Recently, an infant chimpanzee at the L.A. Zoo was killed by an adult member of the troop in full view of zoo visitors. A few days later, a student volunteering at the Chimp Eden sanctuary in South Africa was pulled into an enclosure and attacked by two adult male chimpanzees. Both incidents served as startling reminders of the capacity for violence in our closest relatives and have left many people wondering what makes chimpanzees commit such severe acts of aggression.
Unfortunately, while incidents like these are rare, they are not abnormal. Put simply, violence is a fact of life in chimpanzee society. While males typically grab all the attention with their aggressive dominance struggles and their lethal intergroup raids, females also kill on occasion, with infants and other adult females being their most likely victims. In chimpanzee communities, severe aggression can be a means to reduce or prevent resource competition. This can result in the killing of members of other communities, as well as immigrant females and even infants within the troop. In some cases, the killing of an infant can increase mating opportunities for males. For instance, if a female gives birth, she will not enter estrus for another four to five years while she nurses and raises her new child. If that child dies, however, she will quickly become receptive again. Thus, there can be an incentive for a male who is not the parent to kill the infant so that he can mate with the mother (this is one reason primatologists believe that females may try to confuse paternity).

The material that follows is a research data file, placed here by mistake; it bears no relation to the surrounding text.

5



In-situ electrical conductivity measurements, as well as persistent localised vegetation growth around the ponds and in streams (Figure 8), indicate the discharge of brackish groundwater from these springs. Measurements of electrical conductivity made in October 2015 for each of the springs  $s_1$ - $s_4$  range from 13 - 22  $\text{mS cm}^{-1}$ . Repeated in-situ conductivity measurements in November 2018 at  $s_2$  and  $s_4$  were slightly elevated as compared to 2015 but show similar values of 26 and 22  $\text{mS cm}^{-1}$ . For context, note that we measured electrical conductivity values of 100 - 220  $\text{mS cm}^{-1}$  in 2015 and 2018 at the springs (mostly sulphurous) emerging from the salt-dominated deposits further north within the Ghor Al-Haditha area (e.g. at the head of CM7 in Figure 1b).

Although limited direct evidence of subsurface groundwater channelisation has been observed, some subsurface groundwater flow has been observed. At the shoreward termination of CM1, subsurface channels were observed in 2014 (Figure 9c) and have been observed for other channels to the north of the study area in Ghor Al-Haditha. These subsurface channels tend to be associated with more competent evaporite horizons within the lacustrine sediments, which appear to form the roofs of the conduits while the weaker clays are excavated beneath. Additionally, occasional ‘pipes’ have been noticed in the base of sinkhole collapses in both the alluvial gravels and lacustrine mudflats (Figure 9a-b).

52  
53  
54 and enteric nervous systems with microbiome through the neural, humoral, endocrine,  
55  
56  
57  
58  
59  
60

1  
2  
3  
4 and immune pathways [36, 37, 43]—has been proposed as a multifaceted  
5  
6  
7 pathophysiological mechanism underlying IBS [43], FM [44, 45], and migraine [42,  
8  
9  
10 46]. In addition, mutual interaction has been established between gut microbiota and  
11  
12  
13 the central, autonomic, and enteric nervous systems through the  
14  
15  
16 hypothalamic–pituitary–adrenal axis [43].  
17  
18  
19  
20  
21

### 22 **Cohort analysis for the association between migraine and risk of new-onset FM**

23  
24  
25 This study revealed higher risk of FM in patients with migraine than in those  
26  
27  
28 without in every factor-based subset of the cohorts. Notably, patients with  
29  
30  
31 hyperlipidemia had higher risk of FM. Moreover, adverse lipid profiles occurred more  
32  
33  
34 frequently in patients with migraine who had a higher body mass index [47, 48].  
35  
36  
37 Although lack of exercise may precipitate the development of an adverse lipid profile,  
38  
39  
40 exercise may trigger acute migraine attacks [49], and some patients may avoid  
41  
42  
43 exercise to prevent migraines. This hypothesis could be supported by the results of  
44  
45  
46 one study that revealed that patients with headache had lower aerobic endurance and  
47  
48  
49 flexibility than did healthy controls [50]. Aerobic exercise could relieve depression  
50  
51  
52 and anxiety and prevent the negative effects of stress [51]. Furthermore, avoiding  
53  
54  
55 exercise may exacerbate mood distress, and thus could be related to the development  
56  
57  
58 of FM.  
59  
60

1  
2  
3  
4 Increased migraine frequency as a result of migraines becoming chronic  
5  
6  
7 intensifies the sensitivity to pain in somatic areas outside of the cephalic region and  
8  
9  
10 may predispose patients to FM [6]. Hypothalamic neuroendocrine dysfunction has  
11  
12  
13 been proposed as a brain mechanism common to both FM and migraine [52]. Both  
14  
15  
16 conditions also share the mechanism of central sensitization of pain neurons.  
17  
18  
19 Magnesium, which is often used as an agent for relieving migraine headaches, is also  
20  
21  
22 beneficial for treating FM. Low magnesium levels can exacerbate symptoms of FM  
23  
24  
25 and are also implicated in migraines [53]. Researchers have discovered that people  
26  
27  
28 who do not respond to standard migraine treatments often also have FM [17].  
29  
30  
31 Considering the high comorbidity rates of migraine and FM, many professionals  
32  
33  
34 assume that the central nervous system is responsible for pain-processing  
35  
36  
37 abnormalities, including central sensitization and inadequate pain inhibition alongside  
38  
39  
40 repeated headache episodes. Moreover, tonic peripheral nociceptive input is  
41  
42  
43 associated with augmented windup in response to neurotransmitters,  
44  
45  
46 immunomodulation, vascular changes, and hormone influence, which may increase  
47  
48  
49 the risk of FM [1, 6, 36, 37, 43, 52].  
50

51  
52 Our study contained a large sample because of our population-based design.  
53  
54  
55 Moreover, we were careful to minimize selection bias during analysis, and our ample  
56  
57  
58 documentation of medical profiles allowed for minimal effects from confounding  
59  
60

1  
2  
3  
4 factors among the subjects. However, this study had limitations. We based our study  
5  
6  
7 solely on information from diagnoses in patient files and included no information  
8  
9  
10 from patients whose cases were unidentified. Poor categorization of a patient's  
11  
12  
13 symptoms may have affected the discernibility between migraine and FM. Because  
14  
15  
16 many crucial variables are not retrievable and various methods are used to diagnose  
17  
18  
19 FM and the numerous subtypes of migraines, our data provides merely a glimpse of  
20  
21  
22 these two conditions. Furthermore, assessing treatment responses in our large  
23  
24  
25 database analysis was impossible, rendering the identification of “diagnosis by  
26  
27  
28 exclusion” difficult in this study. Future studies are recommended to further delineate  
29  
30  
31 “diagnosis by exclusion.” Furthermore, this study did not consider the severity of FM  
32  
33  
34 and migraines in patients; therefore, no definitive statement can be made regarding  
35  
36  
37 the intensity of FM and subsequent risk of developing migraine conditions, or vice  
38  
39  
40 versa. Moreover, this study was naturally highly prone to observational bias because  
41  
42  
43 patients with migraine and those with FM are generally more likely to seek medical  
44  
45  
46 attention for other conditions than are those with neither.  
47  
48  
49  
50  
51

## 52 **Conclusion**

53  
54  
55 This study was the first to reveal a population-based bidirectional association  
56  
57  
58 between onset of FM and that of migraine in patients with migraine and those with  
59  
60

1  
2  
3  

Violent behavior can serve many functions in chimpanzee society. What functions did these incidents at the L.A. Zoo and Chimp Eden serve? Honestly, we don’t know. It’s much easier to offer an evolutionary explanation for why violence exists in general than it is to explain specific acts.
As caregivers for captive chimpanzees, we witness aggressive behavior on a daily basis. Sometimes the motivation behind it is clear; other times we are left scratching our heads. The way I think about it is this: evolution has endowed chimpanzees with certain tendencies for aggressive behavior, but it does not control how those tendencies are applied. Aggression towards non-group members in the wild can help chimpanzees defend territory and the resources located therein. But that same aggressive tendency can also result in an attack on the very people trying to care for them in captivity.
All we really know is that violence in chimpanzees is not an aberration, nor is it all they are capable of. In fact, one of the reasons why we might be uncomfortable with chimpanzee violence is that it hits a little too close to home. To be sure, aggression in chimpanzees is shocking in its sheer physicality – teeth and fists instead of knives and guns. But even though chimpanzees exhibit higher rates of aggression overall, rates of lethal violence in chimpanzees are similar to those in some human societies. In some ways, we are more alike than we’d like to believe.